Finally, I had departed. It was already the day light. The strait was quiet and covered with fog.
I had passed Telegraph Cove: it was still half-asleep, with very light boat traffic in the area.
I expected this to
be the longest paddling day yet: close
to fifteen nautical miles, around five hours. If everything went as
before the tide turn I was planning to reach the same place near Port
McNeill where I camped on my first night. The area along the way was
with virtually no camping options until after Port McNeill; it was a
day of commuting back to Port McNeill, not exploring and enjoying the
I kept paddling as close to the shore as I could;
however, I was still seriously concerned about the motorboats. I had
observed before that not all of them were noticing me. My path was taking me
through the areas with dense boat traffic, and I had to be extra careful.
As I paddled along, the traffic had picked up. Most of the time, it was
parallel to my heading and, as I was staying very close to the shore, I did not have
any problems. However, I had to pass around Nimpkish Bank with its dangerous shoals,
especially at this low and falling tide. This would take me close to and into the
busy traffic lanes of
The boating rules
state that a vessel propelled by paddles is a stand-on
vessel, while a motor-powered vessel has to give way. The same
state that the skipper is responsible for taking all reasonable actions
avoid a collision, and that was what I was doing all the time over my
I stayed on without taking evasive actions, I fear that on more than
occasion these motorboats would have run me over.
I had always thought that my bright green/yellow kayak
with large yellow deck bags was easy to spot. However, over this trip I had
learned that I should always assume that the motorboat operators would not notice
me. While some motorboats were changing their
course well in advance, others would continue heading on, and if I
did not stop or make a sharp change of course, a collision would likely have
followed. Maybe their operators did not know the rules thinking that they had
the right of way, maybe they relied on their radars, maybe they had assumed that if
they were moving at a high speed, so could I, or maybe they all had decided to step
out to the galley to brew a pot of tea, just when getting dangerously close to
my kayak -- I do not know. If any experienced motorboat operator could share with me the reasons, I would be grateful.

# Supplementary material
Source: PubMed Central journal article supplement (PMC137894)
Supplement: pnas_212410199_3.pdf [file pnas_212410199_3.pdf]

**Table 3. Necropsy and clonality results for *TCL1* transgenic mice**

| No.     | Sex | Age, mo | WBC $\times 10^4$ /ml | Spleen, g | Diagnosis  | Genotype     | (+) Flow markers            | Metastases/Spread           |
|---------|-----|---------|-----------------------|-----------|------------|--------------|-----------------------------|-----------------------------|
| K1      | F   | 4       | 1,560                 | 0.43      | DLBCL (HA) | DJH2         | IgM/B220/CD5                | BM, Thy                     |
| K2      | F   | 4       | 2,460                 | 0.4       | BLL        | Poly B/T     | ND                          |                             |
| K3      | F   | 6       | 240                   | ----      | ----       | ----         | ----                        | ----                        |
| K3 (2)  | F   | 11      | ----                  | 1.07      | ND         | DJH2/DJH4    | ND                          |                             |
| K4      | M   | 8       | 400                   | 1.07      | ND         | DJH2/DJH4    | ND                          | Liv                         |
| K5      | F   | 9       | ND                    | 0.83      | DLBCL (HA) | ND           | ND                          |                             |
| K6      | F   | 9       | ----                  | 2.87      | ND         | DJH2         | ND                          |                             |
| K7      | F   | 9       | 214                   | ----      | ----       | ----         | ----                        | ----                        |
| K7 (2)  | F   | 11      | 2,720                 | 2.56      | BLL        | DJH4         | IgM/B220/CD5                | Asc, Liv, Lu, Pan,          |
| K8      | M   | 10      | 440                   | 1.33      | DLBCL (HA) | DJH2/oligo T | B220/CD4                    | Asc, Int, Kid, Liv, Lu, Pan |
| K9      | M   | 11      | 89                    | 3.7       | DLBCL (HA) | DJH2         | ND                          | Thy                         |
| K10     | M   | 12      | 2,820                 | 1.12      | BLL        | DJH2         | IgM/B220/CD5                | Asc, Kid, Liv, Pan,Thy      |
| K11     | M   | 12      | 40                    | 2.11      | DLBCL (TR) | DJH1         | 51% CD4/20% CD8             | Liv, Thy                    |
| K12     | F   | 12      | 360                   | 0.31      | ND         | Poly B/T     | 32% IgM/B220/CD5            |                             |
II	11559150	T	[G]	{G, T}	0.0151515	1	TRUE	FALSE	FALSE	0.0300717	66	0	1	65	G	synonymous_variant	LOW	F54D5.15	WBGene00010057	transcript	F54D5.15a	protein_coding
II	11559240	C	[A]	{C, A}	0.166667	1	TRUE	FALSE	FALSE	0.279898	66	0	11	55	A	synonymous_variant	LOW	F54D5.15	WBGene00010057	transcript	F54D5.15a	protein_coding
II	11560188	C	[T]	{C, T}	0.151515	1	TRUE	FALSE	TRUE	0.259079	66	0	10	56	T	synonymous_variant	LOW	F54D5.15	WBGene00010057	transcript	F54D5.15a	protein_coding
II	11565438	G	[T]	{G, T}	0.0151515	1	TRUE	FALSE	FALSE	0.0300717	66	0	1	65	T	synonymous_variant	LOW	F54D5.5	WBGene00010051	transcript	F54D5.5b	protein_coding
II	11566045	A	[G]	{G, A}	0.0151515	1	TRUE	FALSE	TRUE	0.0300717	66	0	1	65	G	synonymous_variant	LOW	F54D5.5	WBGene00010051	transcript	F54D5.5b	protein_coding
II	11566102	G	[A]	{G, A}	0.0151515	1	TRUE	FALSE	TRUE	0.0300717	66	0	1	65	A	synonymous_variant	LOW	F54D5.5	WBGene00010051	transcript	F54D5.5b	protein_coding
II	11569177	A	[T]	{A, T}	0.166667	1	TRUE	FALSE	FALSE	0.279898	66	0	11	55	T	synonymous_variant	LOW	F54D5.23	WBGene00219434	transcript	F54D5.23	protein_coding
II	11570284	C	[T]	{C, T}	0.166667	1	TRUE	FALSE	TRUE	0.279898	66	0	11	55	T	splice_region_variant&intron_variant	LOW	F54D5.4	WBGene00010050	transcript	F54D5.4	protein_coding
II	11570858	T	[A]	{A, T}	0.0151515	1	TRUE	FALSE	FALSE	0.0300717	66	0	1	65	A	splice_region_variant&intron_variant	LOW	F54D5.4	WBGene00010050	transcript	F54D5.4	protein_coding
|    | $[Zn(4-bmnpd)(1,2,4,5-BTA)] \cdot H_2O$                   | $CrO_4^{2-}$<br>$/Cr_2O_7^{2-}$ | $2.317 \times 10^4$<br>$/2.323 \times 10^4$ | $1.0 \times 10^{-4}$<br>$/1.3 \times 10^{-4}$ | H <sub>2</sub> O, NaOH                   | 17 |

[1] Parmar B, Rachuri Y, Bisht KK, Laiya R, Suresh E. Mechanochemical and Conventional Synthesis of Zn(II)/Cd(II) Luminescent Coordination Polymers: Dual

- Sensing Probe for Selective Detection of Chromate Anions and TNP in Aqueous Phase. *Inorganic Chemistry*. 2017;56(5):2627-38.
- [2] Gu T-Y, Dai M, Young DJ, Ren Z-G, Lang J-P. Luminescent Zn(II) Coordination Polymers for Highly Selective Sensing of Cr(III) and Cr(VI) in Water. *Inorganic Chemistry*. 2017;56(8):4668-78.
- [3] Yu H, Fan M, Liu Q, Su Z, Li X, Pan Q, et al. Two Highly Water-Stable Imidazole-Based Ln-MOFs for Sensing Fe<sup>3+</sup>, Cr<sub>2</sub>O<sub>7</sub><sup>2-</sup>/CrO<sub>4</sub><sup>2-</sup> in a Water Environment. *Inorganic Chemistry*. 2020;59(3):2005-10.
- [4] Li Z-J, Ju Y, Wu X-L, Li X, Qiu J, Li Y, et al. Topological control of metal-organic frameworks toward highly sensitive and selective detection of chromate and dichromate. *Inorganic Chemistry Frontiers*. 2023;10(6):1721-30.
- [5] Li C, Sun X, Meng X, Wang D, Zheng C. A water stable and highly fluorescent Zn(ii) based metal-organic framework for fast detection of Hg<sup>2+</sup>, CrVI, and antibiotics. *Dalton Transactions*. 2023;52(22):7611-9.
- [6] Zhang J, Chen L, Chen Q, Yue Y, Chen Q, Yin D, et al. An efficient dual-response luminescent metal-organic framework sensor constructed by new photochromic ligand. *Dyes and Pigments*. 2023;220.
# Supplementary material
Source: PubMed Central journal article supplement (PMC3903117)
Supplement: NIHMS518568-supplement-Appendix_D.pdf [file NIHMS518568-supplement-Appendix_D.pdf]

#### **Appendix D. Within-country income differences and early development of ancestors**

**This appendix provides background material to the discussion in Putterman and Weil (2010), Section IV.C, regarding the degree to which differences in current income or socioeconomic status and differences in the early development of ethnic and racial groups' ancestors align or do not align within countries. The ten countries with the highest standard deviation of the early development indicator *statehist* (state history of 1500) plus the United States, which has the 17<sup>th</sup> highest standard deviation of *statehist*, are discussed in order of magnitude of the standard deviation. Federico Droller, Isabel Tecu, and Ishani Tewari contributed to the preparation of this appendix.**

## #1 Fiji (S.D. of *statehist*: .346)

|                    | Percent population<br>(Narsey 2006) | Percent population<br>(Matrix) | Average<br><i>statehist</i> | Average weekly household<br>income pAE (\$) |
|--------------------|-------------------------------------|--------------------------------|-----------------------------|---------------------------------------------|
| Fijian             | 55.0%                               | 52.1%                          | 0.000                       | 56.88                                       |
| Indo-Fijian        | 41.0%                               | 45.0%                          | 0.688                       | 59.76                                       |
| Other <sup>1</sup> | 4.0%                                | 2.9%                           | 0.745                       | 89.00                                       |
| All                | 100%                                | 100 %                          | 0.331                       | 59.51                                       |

Sure enough, when I was approaching
As soon as I left the Nimpkish Bank shoals behind and saw
the depth increasing, I started heading close to the shore to get out of the
traffic zone. Sometime later, I had noticed the fog that was thickening quickly. The
A couple of hours later, very tired but still determined, I was getting close to the point of crossing the Port McNeill bay for reaching my campsite The fog was still thick. I could see the boats close by through the fog, moving at a reduced speed, some signaling with fog horns, most not. I was not so much concerned about them: I felt that with these boats moving so slow I could avoid the collision. I could also blow my whistle if necessary to alert about my presence in the fog. My major concern was the ferry. It had to move at high speed to keep the schedule. Although it was sounding the fog horn all the time, I doubted that I could get out of its way on time without spotting the ferry in advance and seeing where it was coming from. And I did not know its schedule.
While I was struggling over my options, I heard the ferry
crossing just in front of me, moving from Port McNeill to
From my previous observations, I knew that I would have about an hour before the ferry returned, enough to cross the bay. The fog had lightened a bit and I could see the opposite side of the bay, but just barely. I took the compass reading and also switched the GPS on activating the GOTO function. This was a very quick crossing: I paddled as fast as I could to minimize the time in the traffic zone. A couple of motorboats passed by, at slow speed and causing no trouble. When I had reached the opposite shore, I realized that the low tide had brought its own challenges: the rocks were sticking out all over, making moving along the kelp line difficult. Finally, more than five hours since the start, I had reached my campsite, dead tired but happy to be at the end of this long journey, and in one piece.
After unloading the kayak and pitching the tent I had cooked my lunch. After the lunch, I had finally taken this photo.
I had envisaged it some twenty days ago, at the beginning of my journey: the rusty chain that I had noticed lying on shore, in the tidal zone, resembling a snake. At that time, I had postponed taking the picture until later in the day, and by then the chain had been covered by the tide.
I had some hopes for seeing or at least hearing the orcas, but the fishing boat traffic in front of my site was very heavy all day.
The rest of the day was dedicated to washing myself with
the heated sea water, shaving and making other arrangements to look more
civilized. I then packed as much as I could and went to bed early, at 7:00pm: I
had to wake up at 2:00am to have enough time to reach Port McNeill, dry up and disassemble the kayak, and pack my
stuff for the 10:00am bus back to
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